Nonetheless, I thought I’d have a look around for myself. I started by looking through the gravestone index book with the helpful church volunteer. Flipping through the pages, I was surprised at how many were listed as “illegible” or “unknown”. Well…
But I’m not one to stick to the walking paths… just off the path the cemetary gets a bit more wild:
I had to strongly resist an urge to start cleaning off the gravestones and going on a serious hunt for Bushnells and Quynells. Clearly, this is more than a one-woman project, and it was getting late in the afternoon. (But Horsham folks, if you read this – isn’t there something we can do about this amazing historic cemetery? At least to get the stones photographed and put online for future genealogy research? Get in touch!)
Around 6:30pm I finally boarded the train back to London, absolutely exhausted.
I can’t quite believe I actually did it. From one perspective all I did was take a day-trip to Sussex – but this is the beginning of a long-time dream. I’ve been thinking about tracing my roots by actually visiting my great-grandmothers’ places for SO long, and this little day trip was the official start.
So, did I feel anything?
Did I feel any supernatural shivers or some deep connection to Horsham? Honestly, no.
But I noticed the next morning on my walk along the Thames, that I appreciated England a lot more.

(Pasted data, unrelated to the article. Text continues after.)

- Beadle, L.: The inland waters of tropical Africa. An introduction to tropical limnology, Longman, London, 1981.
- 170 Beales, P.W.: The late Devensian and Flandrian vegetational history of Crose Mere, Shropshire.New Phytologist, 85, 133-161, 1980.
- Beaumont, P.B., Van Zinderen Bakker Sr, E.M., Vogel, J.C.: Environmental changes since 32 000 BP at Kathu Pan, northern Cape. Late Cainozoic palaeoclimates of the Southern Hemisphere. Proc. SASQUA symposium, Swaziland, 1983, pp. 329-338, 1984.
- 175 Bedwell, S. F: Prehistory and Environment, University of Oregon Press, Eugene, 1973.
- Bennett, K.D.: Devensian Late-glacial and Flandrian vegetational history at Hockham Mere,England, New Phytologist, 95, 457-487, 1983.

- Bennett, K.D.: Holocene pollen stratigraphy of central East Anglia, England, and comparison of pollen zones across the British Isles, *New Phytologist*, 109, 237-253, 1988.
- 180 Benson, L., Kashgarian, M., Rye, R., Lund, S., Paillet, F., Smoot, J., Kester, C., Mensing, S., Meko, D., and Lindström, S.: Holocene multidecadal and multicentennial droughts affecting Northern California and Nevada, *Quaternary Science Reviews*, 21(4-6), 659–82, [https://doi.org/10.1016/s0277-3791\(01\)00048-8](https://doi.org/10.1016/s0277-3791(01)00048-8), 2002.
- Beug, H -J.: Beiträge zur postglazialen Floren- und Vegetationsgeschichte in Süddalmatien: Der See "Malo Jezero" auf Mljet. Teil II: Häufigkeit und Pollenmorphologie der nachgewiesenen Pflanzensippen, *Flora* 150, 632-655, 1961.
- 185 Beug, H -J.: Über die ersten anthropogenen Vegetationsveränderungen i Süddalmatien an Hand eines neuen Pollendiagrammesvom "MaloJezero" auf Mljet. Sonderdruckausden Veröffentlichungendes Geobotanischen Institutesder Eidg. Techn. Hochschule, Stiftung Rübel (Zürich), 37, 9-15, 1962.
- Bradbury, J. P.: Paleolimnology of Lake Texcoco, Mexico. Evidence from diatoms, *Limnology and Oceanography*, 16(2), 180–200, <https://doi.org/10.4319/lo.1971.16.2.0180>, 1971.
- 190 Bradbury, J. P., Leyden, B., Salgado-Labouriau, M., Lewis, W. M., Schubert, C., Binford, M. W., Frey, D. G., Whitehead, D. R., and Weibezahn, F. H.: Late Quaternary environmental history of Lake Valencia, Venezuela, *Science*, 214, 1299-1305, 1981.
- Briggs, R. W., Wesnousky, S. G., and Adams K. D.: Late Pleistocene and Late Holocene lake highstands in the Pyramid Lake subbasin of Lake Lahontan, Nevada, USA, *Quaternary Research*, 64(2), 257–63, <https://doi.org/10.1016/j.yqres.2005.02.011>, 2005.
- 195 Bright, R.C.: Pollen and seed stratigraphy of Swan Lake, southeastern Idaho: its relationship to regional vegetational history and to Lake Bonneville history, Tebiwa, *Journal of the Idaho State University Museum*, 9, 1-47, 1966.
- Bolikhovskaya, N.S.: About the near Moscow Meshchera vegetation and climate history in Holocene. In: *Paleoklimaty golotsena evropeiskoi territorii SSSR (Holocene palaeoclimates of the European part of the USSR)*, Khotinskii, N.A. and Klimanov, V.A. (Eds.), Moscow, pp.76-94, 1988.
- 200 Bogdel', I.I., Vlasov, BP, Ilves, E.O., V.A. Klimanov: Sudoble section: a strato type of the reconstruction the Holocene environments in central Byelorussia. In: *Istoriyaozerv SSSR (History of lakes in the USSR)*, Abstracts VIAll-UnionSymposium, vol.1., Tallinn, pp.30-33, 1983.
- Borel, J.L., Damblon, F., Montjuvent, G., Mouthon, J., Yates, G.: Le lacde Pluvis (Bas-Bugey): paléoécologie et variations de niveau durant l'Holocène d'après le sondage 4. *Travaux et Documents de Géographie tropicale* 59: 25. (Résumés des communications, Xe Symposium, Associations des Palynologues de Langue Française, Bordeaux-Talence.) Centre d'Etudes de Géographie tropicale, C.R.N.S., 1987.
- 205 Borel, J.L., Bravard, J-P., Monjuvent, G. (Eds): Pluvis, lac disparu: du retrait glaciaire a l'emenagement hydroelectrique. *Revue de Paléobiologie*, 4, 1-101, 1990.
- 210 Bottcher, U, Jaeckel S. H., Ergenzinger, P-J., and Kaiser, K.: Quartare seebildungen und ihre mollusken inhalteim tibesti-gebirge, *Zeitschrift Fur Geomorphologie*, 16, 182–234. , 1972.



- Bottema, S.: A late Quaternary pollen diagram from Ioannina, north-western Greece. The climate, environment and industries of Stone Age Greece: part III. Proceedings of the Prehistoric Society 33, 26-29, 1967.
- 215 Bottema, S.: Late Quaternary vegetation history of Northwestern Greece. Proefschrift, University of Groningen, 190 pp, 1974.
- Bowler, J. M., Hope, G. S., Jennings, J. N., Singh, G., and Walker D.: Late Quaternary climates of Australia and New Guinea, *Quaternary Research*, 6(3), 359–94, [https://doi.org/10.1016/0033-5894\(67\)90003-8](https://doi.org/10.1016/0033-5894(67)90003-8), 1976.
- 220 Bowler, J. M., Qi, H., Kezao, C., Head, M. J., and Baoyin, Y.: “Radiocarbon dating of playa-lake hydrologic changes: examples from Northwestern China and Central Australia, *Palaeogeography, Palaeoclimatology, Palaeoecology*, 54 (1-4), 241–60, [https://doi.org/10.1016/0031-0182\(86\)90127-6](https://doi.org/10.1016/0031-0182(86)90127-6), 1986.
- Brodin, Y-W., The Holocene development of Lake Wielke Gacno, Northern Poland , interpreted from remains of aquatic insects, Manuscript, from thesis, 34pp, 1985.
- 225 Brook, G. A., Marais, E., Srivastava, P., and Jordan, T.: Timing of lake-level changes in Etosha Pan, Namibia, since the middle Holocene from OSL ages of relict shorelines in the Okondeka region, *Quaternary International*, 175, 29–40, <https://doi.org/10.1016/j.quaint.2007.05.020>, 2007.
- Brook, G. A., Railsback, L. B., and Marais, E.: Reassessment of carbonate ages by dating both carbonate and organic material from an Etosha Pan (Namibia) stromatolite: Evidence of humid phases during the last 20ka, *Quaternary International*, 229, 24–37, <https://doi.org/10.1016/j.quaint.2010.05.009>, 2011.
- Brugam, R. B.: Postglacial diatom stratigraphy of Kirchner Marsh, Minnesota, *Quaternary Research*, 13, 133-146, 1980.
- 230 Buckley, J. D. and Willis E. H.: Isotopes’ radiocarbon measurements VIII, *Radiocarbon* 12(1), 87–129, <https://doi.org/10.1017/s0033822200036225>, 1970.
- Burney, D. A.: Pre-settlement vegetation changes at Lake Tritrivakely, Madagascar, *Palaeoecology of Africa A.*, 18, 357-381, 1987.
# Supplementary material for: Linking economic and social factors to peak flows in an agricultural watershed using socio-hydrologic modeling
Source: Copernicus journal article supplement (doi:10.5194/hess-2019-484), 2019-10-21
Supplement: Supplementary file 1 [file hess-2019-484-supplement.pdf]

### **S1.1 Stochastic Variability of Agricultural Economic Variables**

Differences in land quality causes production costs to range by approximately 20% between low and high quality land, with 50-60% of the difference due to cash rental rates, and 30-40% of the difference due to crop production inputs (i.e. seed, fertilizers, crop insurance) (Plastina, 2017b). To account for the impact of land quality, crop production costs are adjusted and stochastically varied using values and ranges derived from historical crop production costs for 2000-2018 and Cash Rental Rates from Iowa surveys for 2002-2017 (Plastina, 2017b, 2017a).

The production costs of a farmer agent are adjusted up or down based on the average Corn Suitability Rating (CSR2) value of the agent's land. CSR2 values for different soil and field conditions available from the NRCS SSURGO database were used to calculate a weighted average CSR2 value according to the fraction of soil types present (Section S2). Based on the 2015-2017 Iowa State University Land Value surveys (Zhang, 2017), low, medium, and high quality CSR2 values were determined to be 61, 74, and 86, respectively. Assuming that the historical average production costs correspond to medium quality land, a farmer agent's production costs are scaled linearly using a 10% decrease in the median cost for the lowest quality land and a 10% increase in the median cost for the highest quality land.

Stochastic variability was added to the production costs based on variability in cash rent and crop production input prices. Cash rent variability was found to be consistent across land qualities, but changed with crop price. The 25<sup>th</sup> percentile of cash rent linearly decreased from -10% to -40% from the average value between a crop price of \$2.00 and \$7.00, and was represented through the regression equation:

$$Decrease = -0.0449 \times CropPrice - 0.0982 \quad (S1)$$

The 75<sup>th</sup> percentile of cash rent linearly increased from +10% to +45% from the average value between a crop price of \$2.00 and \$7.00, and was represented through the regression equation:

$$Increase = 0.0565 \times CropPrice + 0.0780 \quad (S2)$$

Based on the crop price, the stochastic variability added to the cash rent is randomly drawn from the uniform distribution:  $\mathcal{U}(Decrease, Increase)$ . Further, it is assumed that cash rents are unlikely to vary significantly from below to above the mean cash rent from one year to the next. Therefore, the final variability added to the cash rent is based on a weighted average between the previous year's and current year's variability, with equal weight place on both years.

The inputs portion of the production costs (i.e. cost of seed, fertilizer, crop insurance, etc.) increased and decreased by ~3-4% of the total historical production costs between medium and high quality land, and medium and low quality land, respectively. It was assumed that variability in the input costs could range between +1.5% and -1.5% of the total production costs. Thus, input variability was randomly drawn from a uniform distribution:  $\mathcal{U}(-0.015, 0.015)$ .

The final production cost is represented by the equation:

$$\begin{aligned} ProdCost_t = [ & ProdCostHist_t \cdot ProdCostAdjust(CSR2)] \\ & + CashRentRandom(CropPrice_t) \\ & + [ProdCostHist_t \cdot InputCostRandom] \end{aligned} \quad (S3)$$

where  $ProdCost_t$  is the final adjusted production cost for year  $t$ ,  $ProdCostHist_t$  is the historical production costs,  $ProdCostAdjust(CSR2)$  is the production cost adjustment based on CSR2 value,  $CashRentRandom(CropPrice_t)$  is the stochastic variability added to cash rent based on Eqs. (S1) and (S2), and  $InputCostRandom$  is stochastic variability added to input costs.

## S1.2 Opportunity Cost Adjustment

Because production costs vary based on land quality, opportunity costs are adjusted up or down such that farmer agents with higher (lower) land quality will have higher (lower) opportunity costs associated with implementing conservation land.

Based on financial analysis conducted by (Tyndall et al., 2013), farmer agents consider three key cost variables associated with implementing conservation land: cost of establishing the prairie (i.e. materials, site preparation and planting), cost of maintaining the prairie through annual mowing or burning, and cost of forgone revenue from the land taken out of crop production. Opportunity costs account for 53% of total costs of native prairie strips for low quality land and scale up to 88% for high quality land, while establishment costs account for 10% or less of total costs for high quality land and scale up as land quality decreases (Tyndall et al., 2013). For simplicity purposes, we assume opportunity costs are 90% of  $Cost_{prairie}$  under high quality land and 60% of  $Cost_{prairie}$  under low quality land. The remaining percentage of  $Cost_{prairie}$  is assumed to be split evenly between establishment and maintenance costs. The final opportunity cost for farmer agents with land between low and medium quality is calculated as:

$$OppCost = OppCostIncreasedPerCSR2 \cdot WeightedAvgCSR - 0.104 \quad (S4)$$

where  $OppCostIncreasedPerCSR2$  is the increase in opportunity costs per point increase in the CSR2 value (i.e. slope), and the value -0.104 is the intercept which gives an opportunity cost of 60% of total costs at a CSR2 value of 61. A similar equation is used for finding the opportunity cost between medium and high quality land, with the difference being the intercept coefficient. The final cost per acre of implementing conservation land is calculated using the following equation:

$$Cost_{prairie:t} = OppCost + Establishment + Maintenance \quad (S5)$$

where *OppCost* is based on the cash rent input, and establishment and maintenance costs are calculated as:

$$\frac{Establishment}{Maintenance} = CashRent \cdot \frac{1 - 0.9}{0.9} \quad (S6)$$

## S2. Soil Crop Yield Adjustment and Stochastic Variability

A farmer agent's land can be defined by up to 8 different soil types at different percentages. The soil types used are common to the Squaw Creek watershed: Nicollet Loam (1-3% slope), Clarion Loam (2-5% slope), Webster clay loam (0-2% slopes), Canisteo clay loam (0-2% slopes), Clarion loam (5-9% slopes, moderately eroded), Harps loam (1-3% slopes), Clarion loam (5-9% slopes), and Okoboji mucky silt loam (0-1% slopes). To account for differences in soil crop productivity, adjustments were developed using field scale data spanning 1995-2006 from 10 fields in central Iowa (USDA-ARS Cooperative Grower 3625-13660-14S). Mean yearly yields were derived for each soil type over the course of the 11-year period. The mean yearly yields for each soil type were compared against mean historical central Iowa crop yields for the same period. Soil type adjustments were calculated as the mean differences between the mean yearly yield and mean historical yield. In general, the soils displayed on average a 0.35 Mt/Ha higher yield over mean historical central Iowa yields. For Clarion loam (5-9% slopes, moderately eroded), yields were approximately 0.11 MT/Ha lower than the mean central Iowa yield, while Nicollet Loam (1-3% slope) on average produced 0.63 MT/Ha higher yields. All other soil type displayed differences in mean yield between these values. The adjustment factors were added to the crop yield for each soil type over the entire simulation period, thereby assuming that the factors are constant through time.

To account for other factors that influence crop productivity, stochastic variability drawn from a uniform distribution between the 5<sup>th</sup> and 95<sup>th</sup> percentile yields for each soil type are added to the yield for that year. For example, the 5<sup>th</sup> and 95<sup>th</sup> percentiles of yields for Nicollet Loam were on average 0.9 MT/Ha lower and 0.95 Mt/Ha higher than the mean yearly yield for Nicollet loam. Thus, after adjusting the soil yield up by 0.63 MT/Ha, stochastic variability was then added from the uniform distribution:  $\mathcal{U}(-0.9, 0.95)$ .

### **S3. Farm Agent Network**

I noticed I was really loving my little town, the flowers, the river, and then it occurred to me — after my visit to Horsham, I’m feeling a lot more connected to England, and all its English-ness.
Normally I get stuck on the story that I’m a foreigner here, and that I don’t like the weather (yeah, boring, I know.) I’ve never quite felt like I fit in. But after telling countless people during my visit to Horsham about my deep roots in England up to the 1600s, something shifted in me, and I realized, you know what, this IS my place too. Sure, it’s not 100% perfect, and I don’t know if it’s my forever home (honestly, I’m not sure I’ll ever have a “forever home”), but there is definitely a part of me connected to this land, and I understand now that I really DO belong here. For me, that’s enough proof that this project is taking me in the right direction, towards feeling more connected with my place, with my ancestors, with myself. Onwards!